I sometimes wonder what the hell we mean by ‘civilisation’. In the midst of the Woolwich horror, I thought I detected something like it in the action of onlookers who put aside all the miserably inanity of our media-consuming world to actually do something with real moral conviction. But it takes tragedy for people to find the best in themselves. Or perhaps it just takes a tragedy for the best among us to step forward and make themselves known. I wish I had that special kind of vision which could see those people among us, glowing and shining as they deserve to do, so I know who they are, so I could thank them as I also remind myself that I don’t live surrounded by cold lumps of flesh occasionally reanimated into action by the likes of Google, Samsung or Apple.
But that’s so hard. Everywhere I look, the things I took for civilisation are being corrupted by the slack-jawed bastards whose tastes run riot through our towns and cities, the Neolithic who have taken over the country and would make us a cultural void. But this isn’t just about the death of the bookshops, the collapse of the newspaper industry, the closure of our libraries, the destruction of our education system. It’s about the fast-food-dump-it-in-the-gutter attitude, plasticised mock-Americana, and the emergence of the precariat who are forced to live their lives under the old iron heel. Civilisation? What is civility in a culture obsessed with gimmickry, porn, war, noise, hypocrisy, violence, and anything that is trivial or banal? They won’t vote, can’t name a politician, but want us to celebrate some idiot drinking beer through her ear or a two-headed mongrel.
And when nobody cares, bad things usually happen. Politicians grimace and frown about tragic events but we know damn well that there’s political manoeuvring going on. Boris looked more like the PM yesterday whilst the PM was trying so hard to look like the PM. The night before, Theresa looked the PM, whilst the PM was PMing with the French PM… The media, initially spittle lipped with excitement, are now full of moral indignation. The left are predictably hang-wringing, cautious to adopt stereotypes, whilst the right predictably adopt stereotypes and are in the mood for neck wringing. They all ask: how do we stop these things happening among us? But we can’t. Things have gone too far. Neighbour rarely speaks to neighbour and communities are fractured with too many living their life in a meaningless void, disconnected from each other as they are disconnected from the culture around them.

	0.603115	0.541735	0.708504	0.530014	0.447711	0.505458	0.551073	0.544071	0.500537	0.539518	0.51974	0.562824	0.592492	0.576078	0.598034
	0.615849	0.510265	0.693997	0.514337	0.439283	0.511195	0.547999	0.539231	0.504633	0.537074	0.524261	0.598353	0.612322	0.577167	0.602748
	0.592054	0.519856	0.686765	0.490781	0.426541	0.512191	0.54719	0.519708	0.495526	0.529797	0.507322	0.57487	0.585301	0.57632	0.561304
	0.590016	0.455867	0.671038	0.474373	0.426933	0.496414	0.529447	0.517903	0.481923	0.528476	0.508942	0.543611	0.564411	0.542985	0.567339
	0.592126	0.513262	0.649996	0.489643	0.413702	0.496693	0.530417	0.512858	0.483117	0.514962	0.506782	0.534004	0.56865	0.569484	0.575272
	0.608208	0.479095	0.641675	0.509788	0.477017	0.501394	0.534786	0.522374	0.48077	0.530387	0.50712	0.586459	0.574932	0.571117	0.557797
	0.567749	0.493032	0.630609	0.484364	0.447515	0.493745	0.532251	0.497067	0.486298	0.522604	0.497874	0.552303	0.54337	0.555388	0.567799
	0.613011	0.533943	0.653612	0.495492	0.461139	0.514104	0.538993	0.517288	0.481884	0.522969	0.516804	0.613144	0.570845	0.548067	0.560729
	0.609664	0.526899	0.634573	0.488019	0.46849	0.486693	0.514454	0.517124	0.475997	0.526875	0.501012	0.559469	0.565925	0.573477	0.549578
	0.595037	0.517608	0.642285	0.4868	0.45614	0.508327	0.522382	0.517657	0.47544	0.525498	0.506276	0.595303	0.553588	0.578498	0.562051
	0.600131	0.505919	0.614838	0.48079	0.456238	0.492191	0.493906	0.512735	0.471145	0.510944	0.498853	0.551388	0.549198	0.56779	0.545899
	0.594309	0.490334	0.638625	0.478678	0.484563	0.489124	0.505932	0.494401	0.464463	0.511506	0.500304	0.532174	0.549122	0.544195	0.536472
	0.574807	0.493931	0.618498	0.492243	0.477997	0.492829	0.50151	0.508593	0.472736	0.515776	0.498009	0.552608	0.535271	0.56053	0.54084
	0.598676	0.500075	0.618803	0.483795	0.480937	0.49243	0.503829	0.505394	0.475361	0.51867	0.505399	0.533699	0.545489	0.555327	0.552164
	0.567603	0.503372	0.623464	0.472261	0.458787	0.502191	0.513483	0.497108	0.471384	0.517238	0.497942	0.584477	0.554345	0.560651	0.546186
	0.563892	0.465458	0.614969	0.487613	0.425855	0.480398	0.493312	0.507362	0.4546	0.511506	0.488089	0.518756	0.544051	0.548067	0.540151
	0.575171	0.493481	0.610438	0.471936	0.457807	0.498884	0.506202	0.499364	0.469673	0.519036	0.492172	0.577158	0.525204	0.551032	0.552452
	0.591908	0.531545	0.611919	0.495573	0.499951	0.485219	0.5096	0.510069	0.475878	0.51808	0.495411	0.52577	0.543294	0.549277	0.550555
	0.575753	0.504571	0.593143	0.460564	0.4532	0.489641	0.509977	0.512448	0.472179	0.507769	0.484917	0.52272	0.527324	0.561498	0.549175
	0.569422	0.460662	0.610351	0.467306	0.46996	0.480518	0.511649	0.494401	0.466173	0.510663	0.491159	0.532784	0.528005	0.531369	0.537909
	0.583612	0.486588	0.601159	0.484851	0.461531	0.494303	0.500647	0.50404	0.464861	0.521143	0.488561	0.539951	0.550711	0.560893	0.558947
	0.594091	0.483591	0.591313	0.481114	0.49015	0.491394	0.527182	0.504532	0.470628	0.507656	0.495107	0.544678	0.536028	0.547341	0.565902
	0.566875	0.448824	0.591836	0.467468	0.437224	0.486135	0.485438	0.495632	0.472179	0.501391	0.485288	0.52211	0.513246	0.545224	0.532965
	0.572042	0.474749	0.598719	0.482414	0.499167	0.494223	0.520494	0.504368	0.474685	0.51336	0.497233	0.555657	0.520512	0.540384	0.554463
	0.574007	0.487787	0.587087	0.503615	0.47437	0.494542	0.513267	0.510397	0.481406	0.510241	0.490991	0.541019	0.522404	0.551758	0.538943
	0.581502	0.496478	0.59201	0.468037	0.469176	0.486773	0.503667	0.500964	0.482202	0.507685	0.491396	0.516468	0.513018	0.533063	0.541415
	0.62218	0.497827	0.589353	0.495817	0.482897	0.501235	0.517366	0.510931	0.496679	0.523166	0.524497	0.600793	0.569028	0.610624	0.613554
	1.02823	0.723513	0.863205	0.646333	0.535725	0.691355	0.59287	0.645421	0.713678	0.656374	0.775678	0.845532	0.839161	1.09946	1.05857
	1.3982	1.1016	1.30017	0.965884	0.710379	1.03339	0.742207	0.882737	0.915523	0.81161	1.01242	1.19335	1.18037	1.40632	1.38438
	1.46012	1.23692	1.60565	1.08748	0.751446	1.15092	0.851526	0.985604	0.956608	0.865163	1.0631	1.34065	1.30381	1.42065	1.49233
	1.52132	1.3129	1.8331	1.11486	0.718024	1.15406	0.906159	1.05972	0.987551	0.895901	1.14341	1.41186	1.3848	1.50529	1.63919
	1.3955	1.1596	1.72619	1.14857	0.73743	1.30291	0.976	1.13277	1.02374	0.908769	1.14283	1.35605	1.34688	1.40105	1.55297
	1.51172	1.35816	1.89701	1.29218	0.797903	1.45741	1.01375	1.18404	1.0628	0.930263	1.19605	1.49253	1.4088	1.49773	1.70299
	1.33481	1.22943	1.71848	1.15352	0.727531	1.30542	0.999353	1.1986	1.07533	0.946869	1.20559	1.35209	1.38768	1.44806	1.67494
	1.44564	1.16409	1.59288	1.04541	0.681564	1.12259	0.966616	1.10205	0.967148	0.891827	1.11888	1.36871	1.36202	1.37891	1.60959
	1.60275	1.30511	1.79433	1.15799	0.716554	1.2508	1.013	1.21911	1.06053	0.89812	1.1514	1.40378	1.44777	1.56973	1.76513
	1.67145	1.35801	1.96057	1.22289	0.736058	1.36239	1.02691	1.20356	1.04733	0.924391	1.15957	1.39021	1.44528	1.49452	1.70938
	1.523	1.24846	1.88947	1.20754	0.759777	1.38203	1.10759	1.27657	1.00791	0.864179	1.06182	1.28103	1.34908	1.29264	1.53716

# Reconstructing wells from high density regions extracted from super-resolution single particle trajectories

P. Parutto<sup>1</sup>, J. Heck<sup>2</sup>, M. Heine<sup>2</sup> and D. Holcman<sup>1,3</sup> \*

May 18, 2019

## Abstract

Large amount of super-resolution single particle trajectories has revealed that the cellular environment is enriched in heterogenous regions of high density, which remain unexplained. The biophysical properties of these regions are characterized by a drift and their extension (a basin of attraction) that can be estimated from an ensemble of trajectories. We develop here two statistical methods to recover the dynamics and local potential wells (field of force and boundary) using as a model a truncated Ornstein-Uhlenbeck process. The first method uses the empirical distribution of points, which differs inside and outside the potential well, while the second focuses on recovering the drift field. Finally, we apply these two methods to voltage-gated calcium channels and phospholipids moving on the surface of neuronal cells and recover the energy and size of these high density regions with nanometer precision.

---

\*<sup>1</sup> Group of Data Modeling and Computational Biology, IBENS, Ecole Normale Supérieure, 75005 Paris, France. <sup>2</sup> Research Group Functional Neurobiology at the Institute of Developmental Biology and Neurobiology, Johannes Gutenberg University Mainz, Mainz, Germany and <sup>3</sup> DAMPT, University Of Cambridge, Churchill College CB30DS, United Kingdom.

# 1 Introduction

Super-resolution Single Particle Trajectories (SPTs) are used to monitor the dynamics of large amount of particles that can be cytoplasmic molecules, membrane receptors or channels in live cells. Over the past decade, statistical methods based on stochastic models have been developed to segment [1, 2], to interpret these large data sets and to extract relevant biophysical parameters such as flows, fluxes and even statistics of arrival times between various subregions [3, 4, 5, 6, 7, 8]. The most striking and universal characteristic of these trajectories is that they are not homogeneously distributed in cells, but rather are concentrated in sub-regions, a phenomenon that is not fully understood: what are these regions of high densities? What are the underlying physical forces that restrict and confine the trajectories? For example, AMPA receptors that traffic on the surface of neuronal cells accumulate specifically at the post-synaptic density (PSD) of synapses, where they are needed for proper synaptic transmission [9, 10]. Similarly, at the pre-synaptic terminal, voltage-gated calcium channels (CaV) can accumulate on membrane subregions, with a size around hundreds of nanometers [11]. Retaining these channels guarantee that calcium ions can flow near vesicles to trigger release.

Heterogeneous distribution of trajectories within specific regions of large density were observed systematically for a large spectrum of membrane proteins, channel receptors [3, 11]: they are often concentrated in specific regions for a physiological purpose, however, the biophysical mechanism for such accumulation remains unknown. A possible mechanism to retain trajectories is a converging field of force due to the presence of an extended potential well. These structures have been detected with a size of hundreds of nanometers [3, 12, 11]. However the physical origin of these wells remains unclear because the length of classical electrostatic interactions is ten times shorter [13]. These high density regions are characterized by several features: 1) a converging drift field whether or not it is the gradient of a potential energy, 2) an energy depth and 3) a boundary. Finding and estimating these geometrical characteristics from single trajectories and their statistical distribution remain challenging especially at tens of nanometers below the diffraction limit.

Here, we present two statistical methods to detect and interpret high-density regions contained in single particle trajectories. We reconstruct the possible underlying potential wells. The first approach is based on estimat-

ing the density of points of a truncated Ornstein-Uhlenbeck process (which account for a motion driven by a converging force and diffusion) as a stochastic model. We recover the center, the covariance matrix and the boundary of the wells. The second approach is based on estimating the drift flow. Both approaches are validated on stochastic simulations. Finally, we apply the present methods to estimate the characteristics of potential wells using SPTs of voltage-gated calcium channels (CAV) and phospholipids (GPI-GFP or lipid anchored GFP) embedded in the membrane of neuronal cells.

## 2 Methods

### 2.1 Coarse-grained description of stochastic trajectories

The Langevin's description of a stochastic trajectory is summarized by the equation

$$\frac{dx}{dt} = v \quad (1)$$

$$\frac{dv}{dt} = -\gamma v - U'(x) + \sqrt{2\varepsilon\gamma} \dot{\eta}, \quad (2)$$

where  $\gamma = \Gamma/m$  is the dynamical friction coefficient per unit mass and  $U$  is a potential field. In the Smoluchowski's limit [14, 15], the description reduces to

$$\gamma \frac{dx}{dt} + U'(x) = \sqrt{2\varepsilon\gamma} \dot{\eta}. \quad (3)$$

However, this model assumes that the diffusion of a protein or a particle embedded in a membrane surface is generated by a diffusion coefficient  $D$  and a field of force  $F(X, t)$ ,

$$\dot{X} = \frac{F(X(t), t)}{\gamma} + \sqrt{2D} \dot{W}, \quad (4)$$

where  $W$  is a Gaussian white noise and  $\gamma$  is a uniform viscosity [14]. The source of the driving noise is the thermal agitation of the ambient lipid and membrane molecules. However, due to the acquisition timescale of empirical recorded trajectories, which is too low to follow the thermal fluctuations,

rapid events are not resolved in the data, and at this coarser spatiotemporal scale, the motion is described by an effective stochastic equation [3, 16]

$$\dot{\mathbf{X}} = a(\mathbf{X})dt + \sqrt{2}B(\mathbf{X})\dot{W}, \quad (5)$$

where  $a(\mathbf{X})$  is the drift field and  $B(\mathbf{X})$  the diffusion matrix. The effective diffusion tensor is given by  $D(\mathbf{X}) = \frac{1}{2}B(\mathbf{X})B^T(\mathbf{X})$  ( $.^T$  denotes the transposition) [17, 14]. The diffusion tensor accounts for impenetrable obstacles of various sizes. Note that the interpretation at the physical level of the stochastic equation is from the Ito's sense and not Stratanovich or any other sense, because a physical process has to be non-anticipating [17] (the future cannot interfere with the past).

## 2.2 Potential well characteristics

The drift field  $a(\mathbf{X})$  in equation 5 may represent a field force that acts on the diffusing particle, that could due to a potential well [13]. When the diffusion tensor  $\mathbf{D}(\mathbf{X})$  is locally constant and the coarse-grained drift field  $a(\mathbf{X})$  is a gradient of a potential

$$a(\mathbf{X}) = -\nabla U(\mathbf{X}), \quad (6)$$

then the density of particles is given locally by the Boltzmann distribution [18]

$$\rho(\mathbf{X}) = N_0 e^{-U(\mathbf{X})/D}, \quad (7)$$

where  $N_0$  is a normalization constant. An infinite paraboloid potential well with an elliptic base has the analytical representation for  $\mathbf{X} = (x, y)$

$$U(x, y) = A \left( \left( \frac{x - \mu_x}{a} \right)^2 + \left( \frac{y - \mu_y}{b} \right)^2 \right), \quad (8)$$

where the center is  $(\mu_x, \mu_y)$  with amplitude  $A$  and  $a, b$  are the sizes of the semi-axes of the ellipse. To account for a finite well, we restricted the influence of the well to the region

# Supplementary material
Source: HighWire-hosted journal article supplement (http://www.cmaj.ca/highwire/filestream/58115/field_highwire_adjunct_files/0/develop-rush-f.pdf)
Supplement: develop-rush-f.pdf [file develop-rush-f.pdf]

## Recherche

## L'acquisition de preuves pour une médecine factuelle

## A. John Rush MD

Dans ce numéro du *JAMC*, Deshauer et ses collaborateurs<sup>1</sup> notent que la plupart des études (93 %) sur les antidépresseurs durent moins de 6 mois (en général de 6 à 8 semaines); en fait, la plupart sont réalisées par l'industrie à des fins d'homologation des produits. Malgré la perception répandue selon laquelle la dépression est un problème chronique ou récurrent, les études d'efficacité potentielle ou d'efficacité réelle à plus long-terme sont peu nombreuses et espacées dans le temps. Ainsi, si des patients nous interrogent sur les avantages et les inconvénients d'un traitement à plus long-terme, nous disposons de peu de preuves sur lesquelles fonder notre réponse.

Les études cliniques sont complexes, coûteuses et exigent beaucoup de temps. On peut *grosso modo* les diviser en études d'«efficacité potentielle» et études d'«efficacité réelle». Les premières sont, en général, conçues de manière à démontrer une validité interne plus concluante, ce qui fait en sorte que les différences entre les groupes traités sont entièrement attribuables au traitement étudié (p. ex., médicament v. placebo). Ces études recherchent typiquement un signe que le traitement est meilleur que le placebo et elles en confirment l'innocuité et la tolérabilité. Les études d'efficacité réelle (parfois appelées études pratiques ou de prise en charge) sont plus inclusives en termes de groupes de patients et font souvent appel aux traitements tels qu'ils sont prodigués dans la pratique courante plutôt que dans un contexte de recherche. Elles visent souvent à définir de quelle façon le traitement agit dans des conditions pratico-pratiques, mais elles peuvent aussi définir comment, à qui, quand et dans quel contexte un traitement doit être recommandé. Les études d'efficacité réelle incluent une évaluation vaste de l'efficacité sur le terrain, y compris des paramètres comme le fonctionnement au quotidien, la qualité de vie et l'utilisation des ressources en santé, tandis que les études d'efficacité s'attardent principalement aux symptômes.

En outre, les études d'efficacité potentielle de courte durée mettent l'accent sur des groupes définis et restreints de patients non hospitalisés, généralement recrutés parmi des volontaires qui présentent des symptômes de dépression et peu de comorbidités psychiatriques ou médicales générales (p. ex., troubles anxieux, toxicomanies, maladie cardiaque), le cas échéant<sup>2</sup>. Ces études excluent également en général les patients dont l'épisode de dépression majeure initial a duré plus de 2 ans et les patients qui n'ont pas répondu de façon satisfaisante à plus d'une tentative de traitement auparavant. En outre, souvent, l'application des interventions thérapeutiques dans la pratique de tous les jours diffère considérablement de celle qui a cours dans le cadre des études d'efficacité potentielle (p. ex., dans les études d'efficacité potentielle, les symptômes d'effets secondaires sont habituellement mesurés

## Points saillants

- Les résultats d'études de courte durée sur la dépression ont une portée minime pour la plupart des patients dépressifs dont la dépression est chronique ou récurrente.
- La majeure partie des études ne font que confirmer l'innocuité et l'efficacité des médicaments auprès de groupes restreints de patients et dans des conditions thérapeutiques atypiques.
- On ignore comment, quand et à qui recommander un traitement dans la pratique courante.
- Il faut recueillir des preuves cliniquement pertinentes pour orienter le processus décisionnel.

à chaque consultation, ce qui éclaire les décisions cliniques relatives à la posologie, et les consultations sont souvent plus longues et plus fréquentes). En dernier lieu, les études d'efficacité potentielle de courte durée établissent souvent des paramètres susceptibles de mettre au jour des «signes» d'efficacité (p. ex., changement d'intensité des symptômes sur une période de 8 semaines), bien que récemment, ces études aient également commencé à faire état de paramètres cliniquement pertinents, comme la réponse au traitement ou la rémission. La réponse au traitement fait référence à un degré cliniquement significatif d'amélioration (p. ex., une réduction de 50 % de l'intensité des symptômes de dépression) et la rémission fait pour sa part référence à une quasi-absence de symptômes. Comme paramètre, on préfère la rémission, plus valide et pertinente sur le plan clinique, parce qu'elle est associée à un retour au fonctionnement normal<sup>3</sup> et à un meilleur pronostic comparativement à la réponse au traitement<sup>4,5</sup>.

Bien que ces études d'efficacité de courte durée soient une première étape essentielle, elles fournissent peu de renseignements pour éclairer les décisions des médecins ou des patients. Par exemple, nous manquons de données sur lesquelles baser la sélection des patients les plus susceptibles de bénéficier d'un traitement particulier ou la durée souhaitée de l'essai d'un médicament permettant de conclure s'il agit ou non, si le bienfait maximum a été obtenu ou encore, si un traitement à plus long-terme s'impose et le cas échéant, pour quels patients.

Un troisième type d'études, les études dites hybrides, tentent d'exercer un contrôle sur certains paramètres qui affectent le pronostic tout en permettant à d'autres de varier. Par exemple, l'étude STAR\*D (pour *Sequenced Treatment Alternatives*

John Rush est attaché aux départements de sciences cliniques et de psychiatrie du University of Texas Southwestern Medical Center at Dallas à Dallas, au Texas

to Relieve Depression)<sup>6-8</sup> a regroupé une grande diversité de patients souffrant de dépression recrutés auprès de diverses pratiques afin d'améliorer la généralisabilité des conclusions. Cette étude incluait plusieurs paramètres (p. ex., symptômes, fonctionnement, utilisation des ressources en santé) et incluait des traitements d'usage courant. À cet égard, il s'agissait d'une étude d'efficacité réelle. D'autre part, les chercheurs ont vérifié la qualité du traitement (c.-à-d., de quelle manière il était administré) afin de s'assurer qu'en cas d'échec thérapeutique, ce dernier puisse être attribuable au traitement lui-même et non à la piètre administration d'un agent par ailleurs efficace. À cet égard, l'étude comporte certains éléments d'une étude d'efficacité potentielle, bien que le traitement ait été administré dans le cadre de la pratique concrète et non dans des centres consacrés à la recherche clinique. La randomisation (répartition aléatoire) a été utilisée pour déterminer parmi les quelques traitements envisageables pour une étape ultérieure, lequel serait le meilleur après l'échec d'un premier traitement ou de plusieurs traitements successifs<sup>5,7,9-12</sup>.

We believe we are connected because we have technology to give us our Facebook updates, our Twitter feeds, our Google+ circles, but, in truth, it’s a lie we are telling ourselves to disguise the fact that we are completely disconnected. During the Industrial Revolution, such disconnects were intellectualised and became an ingredient in Romanticism, by which artists sought to return to an earlier time, to re-engage with nature. We need something similar today: a movement that encourages us to reengage with the people around us, to feel soil between our fingers, and the blood coursing through our veins. Because at the moment, we see violence and we reach for our phones. Freakishly, we record it, retreat to our passive state, go back online where everything is safe. And that’s partially the reason why terrorism is currently so potent.
People say we are desensitized to violence but have we actually become over-sensitized to reality? Approximately 20,000 soldiers died on 1st July, 1916. There were 40,000 wounded. Could any modern politician justify such loss, such suffering? We would laugh if asked that question, confident as we cry ‘no’, but that’s only because we can never envisage a situation when the stakes would be so high. But are we really that much brighter and less civilized than our parent’s parents, or their parents before them, or have we just forgotten how brutal the world can be?